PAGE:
I remember how at the age of 12 my Dutch grandfather paid me 10 florins to clear the fallen leaves of the trails of a small forest, of almost one hectare, from his property. The purpose was to instill a culture of effort and work in his grandson. If several months had gone by without cleaning, it was almost impossible to see with the naked eye where the trails were going. A blanket of leaves covered them entirely. But just because they didn't see each other didn't mean they weren't there. I remember when I decided to create a new trail with a shovel. It took me days of work. Sometimes my little brothers, 7 and 5 years old, would help me. I had to uproot weeds, cut some bush, prune tree branches that got in the way, and remove a lot, a lot of dirt. It was much easier to use a ready-made trail than to create a new one. The new one required work, concentration, intention and a firm purpose.
Our mind already has created paths, neural connections through which our ways of thinking and reacting walk. Always the same paths. The more you walk through them, the less leaves accumulate, the less herbs grow and the easier it is to walk. When something happens to us, thoughts are created that walk along those paths and lead us to a certain behavior, which very likely will be repeated again. For example, you have just started a new job, your boss corrects you for something you have done wrong, and you immediately feel like a disaster and sink into discouragement. Convinced that you will never get to do that job well, you consider leaving it. You tell your friends who tell you that you are very exaggerated. That path through which your thoughts have gone is a path perhaps created in your childhood in which you received zero approval and zero reinforcement at home and for the abuses suffered. Every time you receive a criticism, or argue with someone who tries to make you see something that you have to change, you react with a disproportionate dejection. You may explode inward, be silent and hide, or you may explode outward and ride a huge chicken. Pathways of low self-esteem have formed in your past. If paths of healthy identity had been created in your forest as a child, your behavior would not be destructive, you would react in a more balanced way and without feeling under threat.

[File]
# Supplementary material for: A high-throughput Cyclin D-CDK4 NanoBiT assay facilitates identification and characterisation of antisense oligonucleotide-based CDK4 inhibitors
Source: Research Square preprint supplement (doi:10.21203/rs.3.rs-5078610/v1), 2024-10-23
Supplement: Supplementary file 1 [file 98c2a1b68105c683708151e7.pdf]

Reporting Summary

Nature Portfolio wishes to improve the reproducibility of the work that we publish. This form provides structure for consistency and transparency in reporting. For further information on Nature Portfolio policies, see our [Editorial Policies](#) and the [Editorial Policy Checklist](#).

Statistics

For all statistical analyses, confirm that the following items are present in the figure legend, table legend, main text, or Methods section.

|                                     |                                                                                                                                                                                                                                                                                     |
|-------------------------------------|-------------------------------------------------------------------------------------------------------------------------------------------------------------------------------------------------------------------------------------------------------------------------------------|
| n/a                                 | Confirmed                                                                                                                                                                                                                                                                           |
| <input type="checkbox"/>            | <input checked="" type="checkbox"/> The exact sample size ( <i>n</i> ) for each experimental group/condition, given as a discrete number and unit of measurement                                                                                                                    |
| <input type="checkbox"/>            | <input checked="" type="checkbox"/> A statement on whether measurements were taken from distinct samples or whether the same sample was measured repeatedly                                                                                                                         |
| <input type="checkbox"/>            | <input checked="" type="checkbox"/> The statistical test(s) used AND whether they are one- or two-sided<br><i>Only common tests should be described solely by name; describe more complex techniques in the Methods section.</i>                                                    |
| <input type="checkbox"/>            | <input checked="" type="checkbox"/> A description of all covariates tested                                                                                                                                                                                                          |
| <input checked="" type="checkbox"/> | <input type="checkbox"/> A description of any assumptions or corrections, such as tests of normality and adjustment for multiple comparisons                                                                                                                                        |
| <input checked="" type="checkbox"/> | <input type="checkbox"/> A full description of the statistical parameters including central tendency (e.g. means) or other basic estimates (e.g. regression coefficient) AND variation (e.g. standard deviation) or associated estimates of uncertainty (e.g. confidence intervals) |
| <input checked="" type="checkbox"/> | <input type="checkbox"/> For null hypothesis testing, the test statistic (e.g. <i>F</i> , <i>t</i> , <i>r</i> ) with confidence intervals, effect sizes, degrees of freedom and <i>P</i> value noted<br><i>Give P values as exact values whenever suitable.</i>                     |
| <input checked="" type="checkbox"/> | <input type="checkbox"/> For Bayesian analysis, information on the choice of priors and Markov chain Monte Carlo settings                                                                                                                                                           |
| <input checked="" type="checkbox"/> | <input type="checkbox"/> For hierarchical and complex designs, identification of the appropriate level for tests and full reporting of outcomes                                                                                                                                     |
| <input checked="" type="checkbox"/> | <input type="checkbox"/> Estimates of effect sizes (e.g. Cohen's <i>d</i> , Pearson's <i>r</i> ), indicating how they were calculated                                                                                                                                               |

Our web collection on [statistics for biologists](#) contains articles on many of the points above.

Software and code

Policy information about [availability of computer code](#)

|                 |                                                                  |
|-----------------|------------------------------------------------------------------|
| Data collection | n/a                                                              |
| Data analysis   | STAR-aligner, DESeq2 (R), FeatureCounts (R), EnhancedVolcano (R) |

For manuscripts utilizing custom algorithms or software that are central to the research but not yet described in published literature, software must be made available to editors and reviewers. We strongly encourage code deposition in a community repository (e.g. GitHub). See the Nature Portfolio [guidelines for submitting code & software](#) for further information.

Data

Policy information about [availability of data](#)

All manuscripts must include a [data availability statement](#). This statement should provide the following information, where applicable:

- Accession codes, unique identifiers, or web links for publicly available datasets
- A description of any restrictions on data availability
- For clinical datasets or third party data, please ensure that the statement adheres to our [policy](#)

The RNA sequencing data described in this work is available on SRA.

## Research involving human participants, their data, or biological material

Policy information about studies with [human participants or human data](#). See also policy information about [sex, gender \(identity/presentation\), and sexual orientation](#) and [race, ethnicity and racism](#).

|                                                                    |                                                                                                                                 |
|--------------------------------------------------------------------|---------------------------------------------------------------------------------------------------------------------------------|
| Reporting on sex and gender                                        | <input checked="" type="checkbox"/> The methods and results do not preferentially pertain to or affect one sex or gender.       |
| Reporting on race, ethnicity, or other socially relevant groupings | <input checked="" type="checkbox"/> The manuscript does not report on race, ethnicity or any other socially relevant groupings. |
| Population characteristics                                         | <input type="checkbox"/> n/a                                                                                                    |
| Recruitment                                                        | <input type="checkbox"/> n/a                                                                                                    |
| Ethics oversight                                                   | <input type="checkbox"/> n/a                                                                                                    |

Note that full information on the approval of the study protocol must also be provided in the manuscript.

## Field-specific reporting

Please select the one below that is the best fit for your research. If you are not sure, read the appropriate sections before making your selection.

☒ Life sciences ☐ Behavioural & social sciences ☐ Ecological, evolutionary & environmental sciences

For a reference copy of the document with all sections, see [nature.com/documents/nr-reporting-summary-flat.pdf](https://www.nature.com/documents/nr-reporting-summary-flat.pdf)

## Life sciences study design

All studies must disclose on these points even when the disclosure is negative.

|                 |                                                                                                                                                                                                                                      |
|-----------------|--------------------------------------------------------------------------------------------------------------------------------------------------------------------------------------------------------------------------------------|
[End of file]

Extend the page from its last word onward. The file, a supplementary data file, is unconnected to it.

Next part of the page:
Now I know that when I detect that my thoughts are walking down that damaging path, I must stop, step back, grab the pick and shovel, and start a new narrative. As you walk the new trails I have built, the old trails will not disappear, but they will fill with weeds and piled leaves, making it increasingly difficult for you to walk on them. New trails will become increasingly clear, with the ground flattened and well leveled, wider and easier to navigate. Do I ever go back to an old trail? Can be. It is a process in which I have to be more compassionate with myself and try again with the help of those who love me.
María, a survivor of sexual abuse, suffers a lot from accumulated tension in the nape and shoulders. Occasionally he cannot bear it and visits the physical therapist. They always tell him that he has to learn to relax. Without realizing it, he lives in constant alert. He lives the emotions with great intensity and finds it difficult to relax. Last year he started with Mindfulness exercises and they came in handy. It is a long way that has gone to get to this point of starting to lower the level of alert: breaking the silence, establishing responsibility for the abuse, feeling the emotions, understanding the consequences, finding professional support, from other survivors, from relatives and friends, confront the aggressor, forgive, learn new healthy behaviors, etc.
With her mistakes and successes, she has been able to be a good mother to her children, a good companion on the way to her husband, a good friend to her friends and someone who now helps many survivors to get ahead. But the issue of staying alert and in constant tension is still a workhorse that, some months goes better and others a little less.
Those of us who live with ASI survivors must remind them of how much they have already overcome, that we continue to believe in them, that we are proud of how strong they are, how far they have come and that nothing happens if they have some not-so-good days.
Joel de Bruine